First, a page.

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Pricing via characteristic functions arises naturally in models that involve Levy processes. Therefore I can see how Black's formula for swaptions can be generalized for Levy dynamics: As in Black's model take the annuity as numeraire, and define the relevant measure $Q$ Black assumes that under this measure the swap rate is martingale GBM, that is to say ...

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One can write for the payoff of an swaption $$\sum_i\tau_i P_{i+1}(S_{\alpha,\beta}(T_\alpha)-K)^+$$ and therefore the pricing equation follows Joshi's explainations. To derive the above equation use that the swap rate is given by $$S_{\alpha,\beta} = \sum_i \frac{\tau_iP_{i+1}}{\sum_i\tau_iP_{i+1}}F^i,$$ where $F^i$ are the corresponding forward rates. ...

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well just take the Bachelier formula with $r=d=0$ $S_0 = S_{\alpha,\beta}$ and then multiply by the annuity. The annuity will be $$\sum \limits_i \tau_i P_{i+1}.$$ where $P_{i+1}$ is the df for $t_{i+1}.$

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Given that you have swap rates and Cap prices (ATM, I assume), you can back out the IVs for the time periods using by bootstrapping. Strictly speaking, you would need Caplet prices for the given strikes. In such a case, You would look at the shortest dated cap and (assume) it is made up of only one caplet. You can then use black's formula and back out ...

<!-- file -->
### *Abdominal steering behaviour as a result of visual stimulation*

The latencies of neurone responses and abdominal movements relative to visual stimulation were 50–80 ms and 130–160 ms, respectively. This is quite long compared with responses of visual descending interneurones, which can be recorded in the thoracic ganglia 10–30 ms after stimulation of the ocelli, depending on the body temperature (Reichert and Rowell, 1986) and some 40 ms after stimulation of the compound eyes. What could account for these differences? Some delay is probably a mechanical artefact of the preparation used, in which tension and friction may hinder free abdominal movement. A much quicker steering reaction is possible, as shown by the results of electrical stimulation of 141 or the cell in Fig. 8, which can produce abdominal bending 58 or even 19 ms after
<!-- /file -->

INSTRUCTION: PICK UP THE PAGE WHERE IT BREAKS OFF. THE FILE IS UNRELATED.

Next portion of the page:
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Thanks to my research leader, I found what I missed. $V_{0,1}$ is vol of swaption that matures at $T_0$ which is not 0 (as I thought), rather it is maturity of the first libor. So $V_{0,1}$ is the closest available point on market. And now this is all clear with table on page 323 in section 7.4. $V_{0,2}$ is realy vol of swaption that matures at $T_0$=1y ...

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I'm not sure that machine learning would lead to any practical solutions here. Do you really have enough data for that kind of techniques? I would suggest a different approach: assume that the exercise is optimal, but just based on a different cost function than the expected pay-off. If you can find a function that replicates well enough the past exercise ...

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Your question is too broad, but I there is plenty of examples of uses of machine learning to mimic human behaviour. For instance deep learning has been used 25 years ago to read checks in banks, or support vector machines 15 years ago to implement artificial vision, or bayesian networks to mimic expert diagnosis. I guess it would not be that hard to use ...

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